Meet Salwa, Lebanon's anti-sexual harassment mascot

Women face widespread verbal and physical abuse in parts of the Arab world. Now, some are hitting back.

Salwa311 (photo credit: Courtesy)
(photo credit: Courtesy)
When young Salwa is notified by her boss about a coming promotion, she can’t be happier. She hurries into the boss’s office – but after the door is shut, the big man suddenly makes a move on her, implying that she should “pay” for her promotion. Red with anger, Salwa punches him hard and runs away. “Fight sexual harassment,” reads the message at the end of the clip.
Salwa is native Lebanese, and although she is only a few weeks old, she has already succeeded in gaining popularity among the local youth. This free-spirited woman who is not afraid to speak her mind was chosen as the mascot for the Anti-Harassment Campaign launched by the Lebanese League of Independent Activists (IndyACT) on March 30.
The campaign is based on the comic Salwa Adventures, which will be publicized on TV, in newspapers and via social networks. There will also be awareness workshops, and “Salwa bags” – kits with information brochures on methods to deal with sexual harassment – will be distributed all around the country to women and children.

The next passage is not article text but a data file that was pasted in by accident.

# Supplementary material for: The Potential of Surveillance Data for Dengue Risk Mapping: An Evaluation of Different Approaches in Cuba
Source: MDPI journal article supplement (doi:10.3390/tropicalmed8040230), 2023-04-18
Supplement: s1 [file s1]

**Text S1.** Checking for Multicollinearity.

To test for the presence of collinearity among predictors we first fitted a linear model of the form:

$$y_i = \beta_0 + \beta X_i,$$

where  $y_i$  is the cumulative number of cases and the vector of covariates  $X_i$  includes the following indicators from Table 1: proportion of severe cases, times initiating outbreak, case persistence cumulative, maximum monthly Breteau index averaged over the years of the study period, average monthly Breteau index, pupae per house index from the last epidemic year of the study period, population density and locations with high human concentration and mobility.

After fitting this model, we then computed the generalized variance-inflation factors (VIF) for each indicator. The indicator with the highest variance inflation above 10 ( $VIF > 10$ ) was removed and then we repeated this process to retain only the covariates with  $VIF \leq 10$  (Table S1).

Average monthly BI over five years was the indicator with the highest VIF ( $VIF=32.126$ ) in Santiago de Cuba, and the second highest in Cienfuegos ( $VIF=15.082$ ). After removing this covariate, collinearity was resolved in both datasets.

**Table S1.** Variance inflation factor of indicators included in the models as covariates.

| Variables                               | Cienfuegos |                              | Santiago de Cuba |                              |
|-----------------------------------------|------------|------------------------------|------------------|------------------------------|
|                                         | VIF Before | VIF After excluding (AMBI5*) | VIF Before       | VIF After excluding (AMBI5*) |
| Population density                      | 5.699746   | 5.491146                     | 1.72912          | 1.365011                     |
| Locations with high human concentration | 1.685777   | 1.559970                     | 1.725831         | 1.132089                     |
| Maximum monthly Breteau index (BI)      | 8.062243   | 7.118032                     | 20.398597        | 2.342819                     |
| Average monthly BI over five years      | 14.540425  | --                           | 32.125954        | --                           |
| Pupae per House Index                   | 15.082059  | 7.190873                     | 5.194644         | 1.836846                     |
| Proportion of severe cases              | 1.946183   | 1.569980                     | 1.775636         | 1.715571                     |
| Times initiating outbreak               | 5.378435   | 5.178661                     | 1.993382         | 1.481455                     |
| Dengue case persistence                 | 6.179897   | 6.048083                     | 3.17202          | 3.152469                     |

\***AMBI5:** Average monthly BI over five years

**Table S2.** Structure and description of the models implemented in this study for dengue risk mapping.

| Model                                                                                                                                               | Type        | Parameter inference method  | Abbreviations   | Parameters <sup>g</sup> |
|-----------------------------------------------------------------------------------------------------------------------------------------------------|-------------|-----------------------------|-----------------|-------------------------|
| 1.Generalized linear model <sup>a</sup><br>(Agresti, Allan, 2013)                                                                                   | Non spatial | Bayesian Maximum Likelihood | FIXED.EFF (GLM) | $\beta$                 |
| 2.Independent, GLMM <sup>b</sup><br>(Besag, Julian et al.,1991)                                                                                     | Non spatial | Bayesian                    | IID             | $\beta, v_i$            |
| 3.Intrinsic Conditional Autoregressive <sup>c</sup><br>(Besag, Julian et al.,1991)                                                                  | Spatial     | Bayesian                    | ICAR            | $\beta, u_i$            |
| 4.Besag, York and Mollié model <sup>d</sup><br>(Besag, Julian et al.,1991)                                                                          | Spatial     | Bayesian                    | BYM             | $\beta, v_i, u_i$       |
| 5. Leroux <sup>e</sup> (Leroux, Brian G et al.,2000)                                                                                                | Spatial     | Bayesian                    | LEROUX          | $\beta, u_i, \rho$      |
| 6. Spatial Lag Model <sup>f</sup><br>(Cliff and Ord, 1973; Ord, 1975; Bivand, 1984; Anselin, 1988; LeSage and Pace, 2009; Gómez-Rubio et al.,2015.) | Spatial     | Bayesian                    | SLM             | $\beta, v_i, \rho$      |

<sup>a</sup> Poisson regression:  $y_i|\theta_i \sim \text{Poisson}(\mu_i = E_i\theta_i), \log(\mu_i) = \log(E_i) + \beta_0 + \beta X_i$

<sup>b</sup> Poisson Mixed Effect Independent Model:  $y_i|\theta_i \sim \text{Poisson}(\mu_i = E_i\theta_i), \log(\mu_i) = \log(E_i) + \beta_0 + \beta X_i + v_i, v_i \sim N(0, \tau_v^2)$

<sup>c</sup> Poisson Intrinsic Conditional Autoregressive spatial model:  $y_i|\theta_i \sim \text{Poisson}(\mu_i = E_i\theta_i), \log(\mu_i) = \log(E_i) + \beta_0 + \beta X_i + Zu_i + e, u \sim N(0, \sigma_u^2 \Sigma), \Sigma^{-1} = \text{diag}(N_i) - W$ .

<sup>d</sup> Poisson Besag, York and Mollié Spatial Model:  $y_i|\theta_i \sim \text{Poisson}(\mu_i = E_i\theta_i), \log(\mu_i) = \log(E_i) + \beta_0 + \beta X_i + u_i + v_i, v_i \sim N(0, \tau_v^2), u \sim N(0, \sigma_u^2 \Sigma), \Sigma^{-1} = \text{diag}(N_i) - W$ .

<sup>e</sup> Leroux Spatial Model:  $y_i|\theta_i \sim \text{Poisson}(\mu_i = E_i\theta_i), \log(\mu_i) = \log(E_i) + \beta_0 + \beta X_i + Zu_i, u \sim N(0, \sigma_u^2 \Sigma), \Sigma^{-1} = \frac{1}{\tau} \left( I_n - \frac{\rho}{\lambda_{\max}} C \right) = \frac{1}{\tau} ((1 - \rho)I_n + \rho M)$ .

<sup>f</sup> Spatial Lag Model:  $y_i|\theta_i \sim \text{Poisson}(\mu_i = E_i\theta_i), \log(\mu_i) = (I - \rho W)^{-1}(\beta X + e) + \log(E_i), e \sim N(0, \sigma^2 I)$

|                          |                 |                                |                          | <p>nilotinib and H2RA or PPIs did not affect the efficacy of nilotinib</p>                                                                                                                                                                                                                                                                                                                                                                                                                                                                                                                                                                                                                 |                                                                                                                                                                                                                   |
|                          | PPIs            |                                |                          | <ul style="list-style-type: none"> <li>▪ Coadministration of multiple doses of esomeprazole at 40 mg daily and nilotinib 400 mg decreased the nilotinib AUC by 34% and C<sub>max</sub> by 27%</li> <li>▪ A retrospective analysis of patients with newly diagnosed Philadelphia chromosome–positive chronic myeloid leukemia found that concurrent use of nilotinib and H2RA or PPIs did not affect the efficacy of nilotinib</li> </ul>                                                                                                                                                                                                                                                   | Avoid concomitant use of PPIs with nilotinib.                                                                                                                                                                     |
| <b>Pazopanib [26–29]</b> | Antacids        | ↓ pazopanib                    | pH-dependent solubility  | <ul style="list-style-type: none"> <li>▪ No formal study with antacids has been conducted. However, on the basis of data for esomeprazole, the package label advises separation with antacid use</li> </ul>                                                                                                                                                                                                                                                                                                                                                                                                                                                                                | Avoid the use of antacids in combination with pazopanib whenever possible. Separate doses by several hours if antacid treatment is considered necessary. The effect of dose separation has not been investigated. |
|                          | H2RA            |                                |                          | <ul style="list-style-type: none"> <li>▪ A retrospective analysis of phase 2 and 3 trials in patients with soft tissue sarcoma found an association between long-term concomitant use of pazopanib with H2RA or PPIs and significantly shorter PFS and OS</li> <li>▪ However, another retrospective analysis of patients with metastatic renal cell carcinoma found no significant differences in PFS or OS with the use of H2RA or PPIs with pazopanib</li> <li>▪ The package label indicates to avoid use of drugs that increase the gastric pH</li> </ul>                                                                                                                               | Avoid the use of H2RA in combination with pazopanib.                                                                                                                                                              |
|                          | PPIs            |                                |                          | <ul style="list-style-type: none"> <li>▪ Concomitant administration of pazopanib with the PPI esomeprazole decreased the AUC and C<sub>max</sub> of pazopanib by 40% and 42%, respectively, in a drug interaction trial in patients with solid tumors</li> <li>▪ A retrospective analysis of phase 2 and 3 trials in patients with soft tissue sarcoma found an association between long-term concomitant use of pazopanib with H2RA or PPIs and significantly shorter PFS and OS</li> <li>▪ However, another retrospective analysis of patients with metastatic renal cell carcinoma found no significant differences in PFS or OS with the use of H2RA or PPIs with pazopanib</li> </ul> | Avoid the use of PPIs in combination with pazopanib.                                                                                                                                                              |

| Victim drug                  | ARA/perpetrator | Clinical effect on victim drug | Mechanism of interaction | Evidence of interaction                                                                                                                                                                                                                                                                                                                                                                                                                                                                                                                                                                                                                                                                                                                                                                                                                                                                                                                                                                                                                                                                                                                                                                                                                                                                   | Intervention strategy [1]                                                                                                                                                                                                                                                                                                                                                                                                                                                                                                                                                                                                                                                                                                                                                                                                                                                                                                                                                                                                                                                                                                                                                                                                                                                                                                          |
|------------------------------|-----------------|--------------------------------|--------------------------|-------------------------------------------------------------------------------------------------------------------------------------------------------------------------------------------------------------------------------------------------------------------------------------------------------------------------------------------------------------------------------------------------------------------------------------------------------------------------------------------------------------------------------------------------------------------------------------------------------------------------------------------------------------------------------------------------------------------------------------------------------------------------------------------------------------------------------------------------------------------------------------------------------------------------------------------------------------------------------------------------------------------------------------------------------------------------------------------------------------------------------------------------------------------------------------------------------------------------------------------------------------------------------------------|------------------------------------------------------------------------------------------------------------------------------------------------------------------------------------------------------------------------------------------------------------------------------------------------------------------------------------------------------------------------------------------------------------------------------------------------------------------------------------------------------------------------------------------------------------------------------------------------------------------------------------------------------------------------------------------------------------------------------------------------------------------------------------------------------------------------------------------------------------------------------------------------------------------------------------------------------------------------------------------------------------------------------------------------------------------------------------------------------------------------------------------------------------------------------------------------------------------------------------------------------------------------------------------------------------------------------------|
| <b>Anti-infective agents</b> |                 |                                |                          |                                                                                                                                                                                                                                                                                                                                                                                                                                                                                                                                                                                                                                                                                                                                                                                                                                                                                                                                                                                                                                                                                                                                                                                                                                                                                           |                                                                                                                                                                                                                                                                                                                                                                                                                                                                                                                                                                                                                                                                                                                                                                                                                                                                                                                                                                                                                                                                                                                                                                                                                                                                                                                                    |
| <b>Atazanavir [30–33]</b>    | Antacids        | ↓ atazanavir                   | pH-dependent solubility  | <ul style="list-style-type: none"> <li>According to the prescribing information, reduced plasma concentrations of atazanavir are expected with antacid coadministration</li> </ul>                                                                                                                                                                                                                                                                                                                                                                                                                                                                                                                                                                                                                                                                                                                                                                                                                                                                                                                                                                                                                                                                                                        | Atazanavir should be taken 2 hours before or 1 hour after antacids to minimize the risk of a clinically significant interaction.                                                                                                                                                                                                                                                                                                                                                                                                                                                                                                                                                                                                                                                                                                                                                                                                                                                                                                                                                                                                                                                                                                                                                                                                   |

“Salwa is an average Lebanese woman who is sick of the sexual harassment that has become part of her daily life and decided to take matters into her own hands. Her superpower lies in her bag,” her Facebook page says.
In many Arab and Islamic countries, sexual harassment legislation is nearly nonexistent. Filing a complaint against a perpetrator can be both unpleasant and even risky for a woman, as she might have to deal with unwanted publicity and be subjected to harsh criticism in her society.
“Our campaign ‘Adventures of Salwa’ comes at a time when young women cannot find any legal or social deterrent for sexual harassment in all its forms in any public place,” said Leen Hashem, the campaign’s coordinator in IndyACT. “It is no longer acceptable for our streets to become a place where we are unable to walk, and being silent about such practices shows our weakness, so Salwa will speak.”